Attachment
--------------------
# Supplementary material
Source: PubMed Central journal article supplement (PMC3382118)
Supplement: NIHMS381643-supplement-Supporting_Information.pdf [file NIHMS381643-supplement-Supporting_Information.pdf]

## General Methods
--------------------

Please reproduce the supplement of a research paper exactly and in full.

# Supplementary material
Source: PubMed Central journal article supplement (PMC3382118)
Supplement: NIHMS381643-supplement-Supporting_Information.pdf [file NIHMS381643-supplement-Supporting_Information.pdf]

## General Methods